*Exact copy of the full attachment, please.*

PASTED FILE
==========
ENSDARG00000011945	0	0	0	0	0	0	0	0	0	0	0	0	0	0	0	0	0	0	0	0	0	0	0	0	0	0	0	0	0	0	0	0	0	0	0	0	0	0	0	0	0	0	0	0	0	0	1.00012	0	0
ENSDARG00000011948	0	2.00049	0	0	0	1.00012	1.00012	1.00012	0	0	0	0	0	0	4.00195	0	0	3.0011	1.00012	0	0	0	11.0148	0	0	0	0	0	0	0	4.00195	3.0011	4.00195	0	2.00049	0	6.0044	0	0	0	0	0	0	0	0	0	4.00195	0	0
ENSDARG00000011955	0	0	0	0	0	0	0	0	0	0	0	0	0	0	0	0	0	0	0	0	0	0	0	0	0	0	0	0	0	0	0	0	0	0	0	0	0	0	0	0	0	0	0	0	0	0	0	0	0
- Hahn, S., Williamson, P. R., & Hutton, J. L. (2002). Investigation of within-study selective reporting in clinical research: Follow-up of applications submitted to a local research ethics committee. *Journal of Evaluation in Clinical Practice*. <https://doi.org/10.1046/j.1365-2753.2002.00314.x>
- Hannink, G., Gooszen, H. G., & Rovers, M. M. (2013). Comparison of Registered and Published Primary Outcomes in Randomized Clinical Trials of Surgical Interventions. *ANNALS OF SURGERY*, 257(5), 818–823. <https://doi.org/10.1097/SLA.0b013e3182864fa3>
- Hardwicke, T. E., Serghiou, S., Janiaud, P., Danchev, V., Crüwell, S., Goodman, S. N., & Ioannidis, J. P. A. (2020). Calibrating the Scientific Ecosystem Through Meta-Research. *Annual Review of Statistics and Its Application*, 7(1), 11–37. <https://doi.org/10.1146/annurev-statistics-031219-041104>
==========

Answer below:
ENSDARG00000011945	0	0	0	0	0	0	0	0	0	0	0	0	0	0	0	0	0	0	0	0	0	0	0	0	0	0	0	0	0	0	0	0	0	0	0	0	0	0	0	0	0	0	0	0	0	0	1.00012	0	0
ENSDARG00000011948	0	2.00049	0	0	0	1.00012	1.00012	1.00012	0	0	0	0	0	0	4.00195	0	0	3.0011	1.00012	0	0	0	11.0148	0	0	0	0	0	0	0	4.00195	3.0011	4.00195	0	2.00049	0	6.0044	0	0	0	0	0	0	0	0	0	4.00195	0	0
ENSDARG00000011955	0	0	0	0	0	0	0	0	0	0	0	0	0	0	0	0	0	0	0	0	0	0	0	0	0	0	0	0	0	0	0	0	0	0	0	0	0	0	0	0	0	0	0	0	0	0	0	0	0
- Hahn, S., Williamson, P. R., & Hutton, J. L. (2002). Investigation of within-study selective reporting in clinical research: Follow-up of applications submitted to a local research ethics committee. *Journal of Evaluation in Clinical Practice*. <https://doi.org/10.1046/j.1365-2753.2002.00314.x>
- Hannink, G., Gooszen, H. G., & Rovers, M. M. (2013). Comparison of Registered and Published Primary Outcomes in Randomized Clinical Trials of Surgical Interventions. *ANNALS OF SURGERY*, 257(5), 818–823. <https://doi.org/10.1097/SLA.0b013e3182864fa3>
- Hardwicke, T. E., Serghiou, S., Janiaud, P., Danchev, V., Crüwell, S., Goodman, S. N., & Ioannidis, J. P. A. (2020). Calibrating the Scientific Ecosystem Through Meta-Research. *Annual Review of Statistics and Its Application*, 7(1), 11–37. <https://doi.org/10.1146/annurev-statistics-031219-041104>